Have you been treated at the hospital or met with an attorney to prepare estate planning documents and been asked, “Do you have a Living Will?” The answer to the question of exactly what is a Living Will, will help you, “the principal,” to answer the first question.
One of the questions that I am asked as a Workers’ Compensation attorney the most after meeting with a new client is, “do I have to see a workers’ comp doctor?” In other words, if an employee is injured at work, does he or she have to go to a particular doctor? The answer to that question is often “yes.” However, the rules governing where the injured employee gets treatment are a little more complicated.
The Commonwealth of Pennsylvania is one of the country’s leaders when it comes to the number of local government units. This includes counties, cities, boroughs, townships, incorporated towns and school districts. Many of these governmental units rely on what are essentially volunteers to serve as elected officials who oversee the operation of the government.
With spring come the myriad signs popping up in our neighbors’ yards advertising the services of the contractor who put on their new roof, new deck, new driveway, new kitchen or whatever other home renovation project they’ve recently undertaken. It’s always refreshing to have an update and most of us are happy to trust the professionals we hire to get the job done right. But we also all know some horror story of a never-ending project, contract disputes, cost overruns, faulty work and so on.
I have been practicing law for over twenty-two years, and have fielded countless legal questions from clients and prospective clients. Our law office is well-established, with a good reputation, and people feel comfortable calling us with their legal concerns. Many believe that their questions can be answered quickly, for free, and over the phone. This belief is usually incorrect, for a number of reasons.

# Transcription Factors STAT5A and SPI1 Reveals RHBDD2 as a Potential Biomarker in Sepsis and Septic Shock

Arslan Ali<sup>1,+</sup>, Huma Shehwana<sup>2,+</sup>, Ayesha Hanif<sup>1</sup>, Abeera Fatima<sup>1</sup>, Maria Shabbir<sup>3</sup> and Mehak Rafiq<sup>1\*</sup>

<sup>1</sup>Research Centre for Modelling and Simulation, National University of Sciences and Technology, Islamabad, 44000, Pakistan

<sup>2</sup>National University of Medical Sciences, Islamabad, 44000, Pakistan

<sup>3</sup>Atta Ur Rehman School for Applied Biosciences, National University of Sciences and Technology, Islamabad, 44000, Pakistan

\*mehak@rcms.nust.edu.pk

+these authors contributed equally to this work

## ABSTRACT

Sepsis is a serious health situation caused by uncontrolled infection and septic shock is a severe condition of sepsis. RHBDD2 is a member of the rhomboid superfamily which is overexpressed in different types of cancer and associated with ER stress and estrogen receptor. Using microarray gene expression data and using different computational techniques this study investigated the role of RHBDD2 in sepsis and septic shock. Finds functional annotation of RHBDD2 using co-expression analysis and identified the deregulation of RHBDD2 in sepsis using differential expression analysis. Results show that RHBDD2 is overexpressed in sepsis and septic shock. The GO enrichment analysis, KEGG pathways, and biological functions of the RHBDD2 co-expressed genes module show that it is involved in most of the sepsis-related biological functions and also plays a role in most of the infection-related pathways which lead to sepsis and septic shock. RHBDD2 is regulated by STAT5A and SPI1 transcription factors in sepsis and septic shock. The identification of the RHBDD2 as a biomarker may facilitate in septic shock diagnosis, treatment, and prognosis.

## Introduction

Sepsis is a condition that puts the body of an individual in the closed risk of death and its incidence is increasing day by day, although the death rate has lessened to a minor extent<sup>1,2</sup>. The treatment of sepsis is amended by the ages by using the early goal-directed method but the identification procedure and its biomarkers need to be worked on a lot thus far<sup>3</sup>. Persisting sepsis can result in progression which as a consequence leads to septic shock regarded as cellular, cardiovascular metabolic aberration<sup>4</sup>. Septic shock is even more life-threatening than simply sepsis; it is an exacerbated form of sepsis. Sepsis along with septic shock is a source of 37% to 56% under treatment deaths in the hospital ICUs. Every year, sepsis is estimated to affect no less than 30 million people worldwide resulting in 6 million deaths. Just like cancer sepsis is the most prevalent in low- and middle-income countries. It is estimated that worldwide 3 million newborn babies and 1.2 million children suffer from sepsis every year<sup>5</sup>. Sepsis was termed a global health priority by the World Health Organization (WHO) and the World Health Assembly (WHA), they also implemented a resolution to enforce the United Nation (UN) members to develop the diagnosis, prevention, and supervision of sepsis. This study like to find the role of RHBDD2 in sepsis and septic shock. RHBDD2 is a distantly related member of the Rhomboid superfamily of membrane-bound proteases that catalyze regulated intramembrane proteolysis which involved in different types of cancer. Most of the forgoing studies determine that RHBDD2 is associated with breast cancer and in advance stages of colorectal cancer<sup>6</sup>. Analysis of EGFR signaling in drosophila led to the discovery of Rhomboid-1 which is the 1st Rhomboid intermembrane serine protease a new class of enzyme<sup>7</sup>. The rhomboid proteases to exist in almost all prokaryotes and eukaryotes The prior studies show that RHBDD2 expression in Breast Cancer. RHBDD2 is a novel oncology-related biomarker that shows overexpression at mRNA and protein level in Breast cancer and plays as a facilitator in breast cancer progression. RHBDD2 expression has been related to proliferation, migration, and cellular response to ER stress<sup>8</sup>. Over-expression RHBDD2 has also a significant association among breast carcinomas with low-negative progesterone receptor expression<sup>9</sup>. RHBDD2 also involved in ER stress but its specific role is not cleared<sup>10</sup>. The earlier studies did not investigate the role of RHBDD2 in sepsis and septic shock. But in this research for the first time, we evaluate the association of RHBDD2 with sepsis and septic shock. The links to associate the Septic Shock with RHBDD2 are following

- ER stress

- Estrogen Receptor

As an Estate Practitioner, I’ve had my fair share of clients with unusual requests in their Wills. Without going into detail, and therefore potentially violating attorney-client privilege, I can say that some of them have been absolutely hilarious, others have been down right hurtful, and some have been, well just plain weird. In any event, it usually comes down to the Testator (the person who makes the Will) wanting some sort of control from the grave.
Pennsylvania’s Supreme Court recently issued a landmark ruling in the case of Dittman v. UPMC which makes employers vulnerable to lawsuits from employees for improper handling of personal data.
UPMC operates the University of Pittsburgh Medical Center and UPMC McKeesport in the Pittsburgh area. Dittman was an employee of UPMC and the lead plaintiff in a class-action lawsuit filed on behalf of all employees of UPMC.
Anyone who knows me knows that I attempt to educate consumers about the subtle commonplace real estate practices that seem innocent on the surface, but actually are detrimental to the best interests of the consumer. In an effort to inform those attempting to mislead consumers or unfairly profit from these practices know that the Consumer Financial Protection Bureau (“CFPB”) is watching you, I offer the following recent actions taken by the CFPB: